Thursday, February 23, 2017
With a little extra time left in February, I decided to cross the "book recommended by a librarian" prompt off my Popsugar challenge list. For this category, I asked the librarian in my school (who is one of the world's best people) for help. She pointed me towards The Summer I Saved the World in 65 Days without hesitation. She told me that the world could do with a little more kindness these days, and that this novel about a teen girl who performs random acts of kindness around her neighborhood embraces that theme wholeheartedly. Happy to try out a book with such a positive premise, I started on it right away.
The Summer I Saved the World follows 13-your-old Nina Ross. While relaxing in her hammock one afternoon, she notices her elderly neighbor struggling to plant some marigolds in her yard. When her neighbor gives up in frustration, Nina decides to sneak over and plant the flowers herself. She feels so good after finishing this anonymous act of kindness that she decides to keep going. She makes a plan to perform one act of kindness each day for her entire summer break and see what comes from it. She babysits, leaves little gifts in mailboxes, plays with neighborhood kids, compliments others, and helps out with chores. All of these little kindnesses end up causing a ripple effect in her neighborhood and start to bring previously disconnected people together as a community.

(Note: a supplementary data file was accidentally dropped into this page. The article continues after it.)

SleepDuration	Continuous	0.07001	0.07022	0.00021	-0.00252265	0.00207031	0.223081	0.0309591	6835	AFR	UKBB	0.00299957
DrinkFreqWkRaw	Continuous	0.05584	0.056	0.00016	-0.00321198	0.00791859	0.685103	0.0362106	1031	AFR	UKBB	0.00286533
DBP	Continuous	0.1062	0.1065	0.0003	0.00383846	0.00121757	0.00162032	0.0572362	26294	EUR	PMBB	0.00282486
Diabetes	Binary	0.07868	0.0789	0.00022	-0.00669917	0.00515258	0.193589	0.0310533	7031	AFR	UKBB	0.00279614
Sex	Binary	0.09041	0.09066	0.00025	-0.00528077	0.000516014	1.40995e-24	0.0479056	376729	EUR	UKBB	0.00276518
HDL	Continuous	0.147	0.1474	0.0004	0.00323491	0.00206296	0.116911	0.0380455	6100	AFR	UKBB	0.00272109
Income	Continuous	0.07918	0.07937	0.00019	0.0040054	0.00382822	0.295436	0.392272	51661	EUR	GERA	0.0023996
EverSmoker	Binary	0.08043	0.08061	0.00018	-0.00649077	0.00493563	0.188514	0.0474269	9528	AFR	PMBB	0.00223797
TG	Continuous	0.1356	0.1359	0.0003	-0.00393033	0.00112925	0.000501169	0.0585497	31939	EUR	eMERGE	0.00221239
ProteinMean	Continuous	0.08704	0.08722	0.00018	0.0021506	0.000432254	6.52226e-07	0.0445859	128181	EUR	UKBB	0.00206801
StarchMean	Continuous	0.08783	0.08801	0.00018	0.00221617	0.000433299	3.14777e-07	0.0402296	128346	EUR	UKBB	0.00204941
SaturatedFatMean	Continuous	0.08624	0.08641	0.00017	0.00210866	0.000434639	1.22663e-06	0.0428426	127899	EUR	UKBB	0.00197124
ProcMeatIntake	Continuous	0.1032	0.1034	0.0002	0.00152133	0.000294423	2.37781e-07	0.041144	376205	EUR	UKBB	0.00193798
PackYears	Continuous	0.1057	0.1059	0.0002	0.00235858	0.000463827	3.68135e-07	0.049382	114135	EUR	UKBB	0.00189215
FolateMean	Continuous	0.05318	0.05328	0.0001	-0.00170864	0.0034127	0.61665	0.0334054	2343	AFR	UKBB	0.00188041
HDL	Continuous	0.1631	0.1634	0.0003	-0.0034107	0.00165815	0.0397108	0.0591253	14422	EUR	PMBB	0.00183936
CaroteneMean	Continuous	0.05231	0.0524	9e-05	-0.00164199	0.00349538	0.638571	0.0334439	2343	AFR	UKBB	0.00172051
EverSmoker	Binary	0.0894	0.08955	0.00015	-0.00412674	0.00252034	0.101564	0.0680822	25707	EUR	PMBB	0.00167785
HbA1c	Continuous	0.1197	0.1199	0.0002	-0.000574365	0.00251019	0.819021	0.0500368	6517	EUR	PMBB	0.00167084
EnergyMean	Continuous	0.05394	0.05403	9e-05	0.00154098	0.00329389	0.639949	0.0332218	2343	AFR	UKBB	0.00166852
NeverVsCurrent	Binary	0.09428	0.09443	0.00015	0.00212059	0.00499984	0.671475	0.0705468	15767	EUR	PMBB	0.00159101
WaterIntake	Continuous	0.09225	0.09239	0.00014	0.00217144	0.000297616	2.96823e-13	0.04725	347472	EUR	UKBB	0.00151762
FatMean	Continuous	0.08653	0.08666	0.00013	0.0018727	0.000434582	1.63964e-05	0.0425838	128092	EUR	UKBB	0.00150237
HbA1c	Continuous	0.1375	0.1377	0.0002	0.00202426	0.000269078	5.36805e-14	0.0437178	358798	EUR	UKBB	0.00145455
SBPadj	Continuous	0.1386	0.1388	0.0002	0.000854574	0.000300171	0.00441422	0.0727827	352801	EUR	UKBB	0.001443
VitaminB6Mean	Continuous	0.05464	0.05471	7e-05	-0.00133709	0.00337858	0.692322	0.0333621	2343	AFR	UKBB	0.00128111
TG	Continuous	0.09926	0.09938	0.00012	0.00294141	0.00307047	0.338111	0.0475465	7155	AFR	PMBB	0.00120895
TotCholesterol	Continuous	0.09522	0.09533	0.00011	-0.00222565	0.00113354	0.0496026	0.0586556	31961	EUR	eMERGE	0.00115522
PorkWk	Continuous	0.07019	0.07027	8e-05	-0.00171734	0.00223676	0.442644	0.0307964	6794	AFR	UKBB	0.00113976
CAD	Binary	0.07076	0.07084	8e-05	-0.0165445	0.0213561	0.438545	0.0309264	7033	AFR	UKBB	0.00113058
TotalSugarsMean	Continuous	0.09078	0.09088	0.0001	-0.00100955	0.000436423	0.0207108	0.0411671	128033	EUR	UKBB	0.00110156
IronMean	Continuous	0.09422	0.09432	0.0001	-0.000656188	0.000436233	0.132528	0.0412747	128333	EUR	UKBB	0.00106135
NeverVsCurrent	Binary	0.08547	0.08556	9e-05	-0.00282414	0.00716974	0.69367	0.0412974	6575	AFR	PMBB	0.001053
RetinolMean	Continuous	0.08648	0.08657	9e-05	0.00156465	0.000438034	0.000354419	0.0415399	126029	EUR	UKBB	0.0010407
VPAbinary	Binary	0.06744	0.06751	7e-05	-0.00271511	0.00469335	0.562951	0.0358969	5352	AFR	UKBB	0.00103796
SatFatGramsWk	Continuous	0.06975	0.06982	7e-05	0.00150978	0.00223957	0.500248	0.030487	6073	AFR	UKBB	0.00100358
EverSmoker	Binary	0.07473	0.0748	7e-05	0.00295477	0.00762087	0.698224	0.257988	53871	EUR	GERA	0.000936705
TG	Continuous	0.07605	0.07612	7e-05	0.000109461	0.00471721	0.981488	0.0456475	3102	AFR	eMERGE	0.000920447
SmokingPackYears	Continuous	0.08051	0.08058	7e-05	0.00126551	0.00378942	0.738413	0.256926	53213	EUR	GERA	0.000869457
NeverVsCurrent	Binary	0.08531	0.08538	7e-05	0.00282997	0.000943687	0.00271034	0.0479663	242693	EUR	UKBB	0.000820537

This book is a really charming read. The message about how small actions can create big changes is very appropriate for our current social climate, which feels unbearably rude and cruel at the moment. Nina is such a nice character that I found myself rooting for her to complete her summer quest. Her growth throughout the story was balanced nicely. She becomes much more mature as a young woman, but is still believable as kid. The story is a light and simple one, but its goals are noble. I was engaged from page one and really enjoyed the story.
The only negative note I had while reading was that the story lacked a bit of diversity among its characters. Nina is undoubtedly a child of privilege. She lives in a nice house in a quiet neighborhood. Her parents are attorneys, and aside from them always being at work, she doesn't really face any hardships in her life. She has the time and money to work on her acts of kindnesses, and all of the other neighbors in her cul-de-sac are much the same. While it was nice to read a book where financial and social issues didn't plague the characters, I felt like it might not appeal to other readers for that reason. If Hurwitz's audience is kids, and her goal is to encourage them to make a difference in their neighborhoods by being kind, then she might have made more of an effort to include characters that don't have it so easy all the time. Most kids don't live like Nina.
This is a small criticism though, and didn't really affect my overall feelings about the book. The Summer I Saved the World in 65 Days is a pure feel-good story. It's nice to read those sometimes. It would make a great Disney Channel original movie. I enjoyed it because it was so nice, and showed a world that I wish existed - one where people actively try to care for each other and help each other out. I never would have picked this one up without my librarian's recommendation, so once again, I am glad to be participating in reading challenges this year.